50 years ago, scientists realized the power of bacteriophages | Science News


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50 Years Ago

50 years ago, scientists were unlocking the secrets of bacteria-infecting viruses

Excerpt from the April 5, 1969 issue of Science News

6:00am, April 5, 2019
virus replication

VALUED TOOL  By tweaking the genetic instructions of the bacteriophage M13, scientists can coax the virus to produce human antibodies to treat disease, materials to make biological batteries and more.

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Science News cover from April 5, 1969
Unusual virus is valuable tool

Viruses, which cannot reproduce on their own, infect cells and usurp their genetic machinery for use in making new viruses.... But just how viruses use the cell machinery is unknown.… Some answers may come from work with an unusual virus, called M13, that has a particularly compatible relationship with ... [E. coli] bacteria. — Science News, April 5, 1969


M13 did help unlock secrets of viral replication. Some bacteria-infecting viruses, called bacteriophages or simply phages, kill the host cell after hijacking the cell’s machinery to make copies of themselves. Other phages, including M13, leave the cell intact. Scientists are using phage replication to develop drugs and technologies, such as virus-powered batteries (SN: 4/25/09, p. 12). Adding genetic instructions to phage DNA for making certain molecules lets some phages produce antibodies against diseases such as lupus and cancer. The technique, called phage display, garnered an American-British duo the 2018 Nobel Prize in chemistry (SN: 10/27/18, p. 16).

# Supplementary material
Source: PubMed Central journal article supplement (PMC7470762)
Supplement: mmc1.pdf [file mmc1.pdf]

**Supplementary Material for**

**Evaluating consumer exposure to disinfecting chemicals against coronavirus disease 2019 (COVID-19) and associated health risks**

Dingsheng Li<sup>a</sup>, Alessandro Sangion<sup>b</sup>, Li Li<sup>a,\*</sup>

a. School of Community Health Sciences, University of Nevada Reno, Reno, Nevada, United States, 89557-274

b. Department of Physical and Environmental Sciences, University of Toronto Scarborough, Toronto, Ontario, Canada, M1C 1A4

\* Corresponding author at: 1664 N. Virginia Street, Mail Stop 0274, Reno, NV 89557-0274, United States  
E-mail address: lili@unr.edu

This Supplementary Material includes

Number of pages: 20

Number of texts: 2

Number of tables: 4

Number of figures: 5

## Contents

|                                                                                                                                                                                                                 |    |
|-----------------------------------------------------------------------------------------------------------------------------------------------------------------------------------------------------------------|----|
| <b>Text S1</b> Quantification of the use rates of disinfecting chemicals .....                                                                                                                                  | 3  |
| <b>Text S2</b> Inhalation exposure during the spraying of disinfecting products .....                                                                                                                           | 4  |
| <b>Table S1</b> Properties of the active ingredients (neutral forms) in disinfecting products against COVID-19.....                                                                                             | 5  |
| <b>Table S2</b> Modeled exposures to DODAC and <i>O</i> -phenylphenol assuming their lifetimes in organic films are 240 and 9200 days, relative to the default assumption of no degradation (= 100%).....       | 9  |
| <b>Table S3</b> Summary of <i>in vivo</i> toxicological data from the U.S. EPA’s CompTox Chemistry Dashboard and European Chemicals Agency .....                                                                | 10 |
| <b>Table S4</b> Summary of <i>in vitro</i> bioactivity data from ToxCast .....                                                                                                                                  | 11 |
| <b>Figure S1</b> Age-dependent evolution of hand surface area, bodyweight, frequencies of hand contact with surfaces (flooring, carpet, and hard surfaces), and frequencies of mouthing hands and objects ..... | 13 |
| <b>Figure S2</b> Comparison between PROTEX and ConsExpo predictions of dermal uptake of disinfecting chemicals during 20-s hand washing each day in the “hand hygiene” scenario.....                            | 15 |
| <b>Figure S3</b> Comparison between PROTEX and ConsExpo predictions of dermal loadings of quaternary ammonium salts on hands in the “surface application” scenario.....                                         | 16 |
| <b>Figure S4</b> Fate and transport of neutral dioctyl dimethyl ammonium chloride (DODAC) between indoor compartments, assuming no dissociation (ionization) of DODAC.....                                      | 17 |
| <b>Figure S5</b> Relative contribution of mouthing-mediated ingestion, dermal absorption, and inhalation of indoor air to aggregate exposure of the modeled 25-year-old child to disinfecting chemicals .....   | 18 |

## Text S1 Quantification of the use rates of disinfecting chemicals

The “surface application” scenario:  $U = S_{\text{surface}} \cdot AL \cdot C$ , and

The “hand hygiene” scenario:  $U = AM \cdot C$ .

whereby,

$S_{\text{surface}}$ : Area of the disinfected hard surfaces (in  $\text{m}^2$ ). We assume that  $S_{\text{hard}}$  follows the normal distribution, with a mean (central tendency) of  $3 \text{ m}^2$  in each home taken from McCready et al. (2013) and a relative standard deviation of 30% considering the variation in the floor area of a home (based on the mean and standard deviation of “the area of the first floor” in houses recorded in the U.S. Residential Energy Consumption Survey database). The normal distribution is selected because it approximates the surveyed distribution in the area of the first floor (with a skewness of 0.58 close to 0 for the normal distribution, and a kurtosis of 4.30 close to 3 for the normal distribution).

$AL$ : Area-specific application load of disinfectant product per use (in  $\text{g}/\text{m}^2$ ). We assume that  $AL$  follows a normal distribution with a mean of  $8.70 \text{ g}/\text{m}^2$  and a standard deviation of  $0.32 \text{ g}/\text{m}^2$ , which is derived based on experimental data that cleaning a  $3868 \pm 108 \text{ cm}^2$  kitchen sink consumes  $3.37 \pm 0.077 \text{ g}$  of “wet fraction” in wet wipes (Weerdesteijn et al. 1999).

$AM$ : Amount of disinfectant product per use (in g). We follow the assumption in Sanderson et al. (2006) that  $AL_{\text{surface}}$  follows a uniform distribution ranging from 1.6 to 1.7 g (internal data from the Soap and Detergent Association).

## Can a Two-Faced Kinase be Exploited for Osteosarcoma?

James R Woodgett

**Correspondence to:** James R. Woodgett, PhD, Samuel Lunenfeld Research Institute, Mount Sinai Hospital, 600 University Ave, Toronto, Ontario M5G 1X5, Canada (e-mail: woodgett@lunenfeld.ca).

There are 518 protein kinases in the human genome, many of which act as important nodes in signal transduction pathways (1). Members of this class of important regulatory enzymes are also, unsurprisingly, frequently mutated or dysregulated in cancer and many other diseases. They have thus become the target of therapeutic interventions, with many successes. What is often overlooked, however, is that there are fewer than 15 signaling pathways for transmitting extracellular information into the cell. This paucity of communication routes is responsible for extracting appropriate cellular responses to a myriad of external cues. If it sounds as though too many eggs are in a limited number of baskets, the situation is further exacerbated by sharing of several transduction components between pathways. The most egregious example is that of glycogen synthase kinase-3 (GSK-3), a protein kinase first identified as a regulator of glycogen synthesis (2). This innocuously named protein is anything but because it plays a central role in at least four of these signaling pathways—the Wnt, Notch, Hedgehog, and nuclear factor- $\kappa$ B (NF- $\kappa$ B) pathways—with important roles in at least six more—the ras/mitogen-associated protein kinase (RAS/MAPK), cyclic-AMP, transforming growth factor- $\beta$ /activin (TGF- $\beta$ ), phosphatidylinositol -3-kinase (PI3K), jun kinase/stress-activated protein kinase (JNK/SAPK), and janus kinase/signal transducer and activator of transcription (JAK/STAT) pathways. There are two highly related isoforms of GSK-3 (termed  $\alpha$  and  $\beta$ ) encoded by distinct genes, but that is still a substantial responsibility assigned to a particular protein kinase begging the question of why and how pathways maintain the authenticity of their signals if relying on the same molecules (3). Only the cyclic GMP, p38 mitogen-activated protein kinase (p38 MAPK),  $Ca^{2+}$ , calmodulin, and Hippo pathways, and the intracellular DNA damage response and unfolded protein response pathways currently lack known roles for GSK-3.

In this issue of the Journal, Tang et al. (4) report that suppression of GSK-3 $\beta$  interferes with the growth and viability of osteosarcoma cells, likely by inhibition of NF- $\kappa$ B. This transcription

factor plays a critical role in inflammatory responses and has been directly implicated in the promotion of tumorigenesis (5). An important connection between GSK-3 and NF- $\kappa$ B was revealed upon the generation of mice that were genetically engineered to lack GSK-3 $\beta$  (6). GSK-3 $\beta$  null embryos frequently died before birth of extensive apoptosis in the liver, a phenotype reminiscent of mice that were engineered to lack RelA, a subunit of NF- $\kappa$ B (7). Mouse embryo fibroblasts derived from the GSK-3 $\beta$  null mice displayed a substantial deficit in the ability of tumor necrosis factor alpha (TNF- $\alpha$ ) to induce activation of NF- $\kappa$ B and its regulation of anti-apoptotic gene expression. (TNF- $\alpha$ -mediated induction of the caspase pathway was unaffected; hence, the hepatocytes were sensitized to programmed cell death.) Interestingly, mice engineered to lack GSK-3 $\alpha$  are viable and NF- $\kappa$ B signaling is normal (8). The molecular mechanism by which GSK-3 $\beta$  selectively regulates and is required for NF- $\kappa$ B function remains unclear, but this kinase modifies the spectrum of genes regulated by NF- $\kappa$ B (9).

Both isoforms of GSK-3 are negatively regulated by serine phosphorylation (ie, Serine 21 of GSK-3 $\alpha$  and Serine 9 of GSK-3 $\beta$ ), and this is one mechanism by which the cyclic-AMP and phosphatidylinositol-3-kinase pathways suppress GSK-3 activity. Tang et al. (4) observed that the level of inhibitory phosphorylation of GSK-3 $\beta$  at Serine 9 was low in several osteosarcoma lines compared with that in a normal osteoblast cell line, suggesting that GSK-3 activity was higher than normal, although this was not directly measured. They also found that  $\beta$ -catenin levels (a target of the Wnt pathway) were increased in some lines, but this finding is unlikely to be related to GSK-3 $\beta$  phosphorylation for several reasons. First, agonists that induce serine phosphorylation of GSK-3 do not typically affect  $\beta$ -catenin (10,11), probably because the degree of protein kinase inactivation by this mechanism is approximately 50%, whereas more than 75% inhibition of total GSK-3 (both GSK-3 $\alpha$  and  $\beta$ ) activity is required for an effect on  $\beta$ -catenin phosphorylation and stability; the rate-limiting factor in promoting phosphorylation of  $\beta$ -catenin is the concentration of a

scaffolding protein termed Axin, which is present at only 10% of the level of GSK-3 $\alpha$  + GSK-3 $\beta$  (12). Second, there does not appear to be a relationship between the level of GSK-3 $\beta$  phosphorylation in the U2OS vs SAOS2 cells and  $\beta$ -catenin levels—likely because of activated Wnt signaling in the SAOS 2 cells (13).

Science News Staff. Unusual virus is a valuable tool. Science News. Vol. 95, April 5, 1969, p. 334.

Further Reading

L. Hamers and M. Temming. Speeding up evolution to create useful proteins wins the chemistry Nobel. Science News. Vol. 194, October 27, 2018, p. 16.

S. Barazesh. Viruses could power devices. Science News. Vol. 175, April 25, 2009, p. 12.

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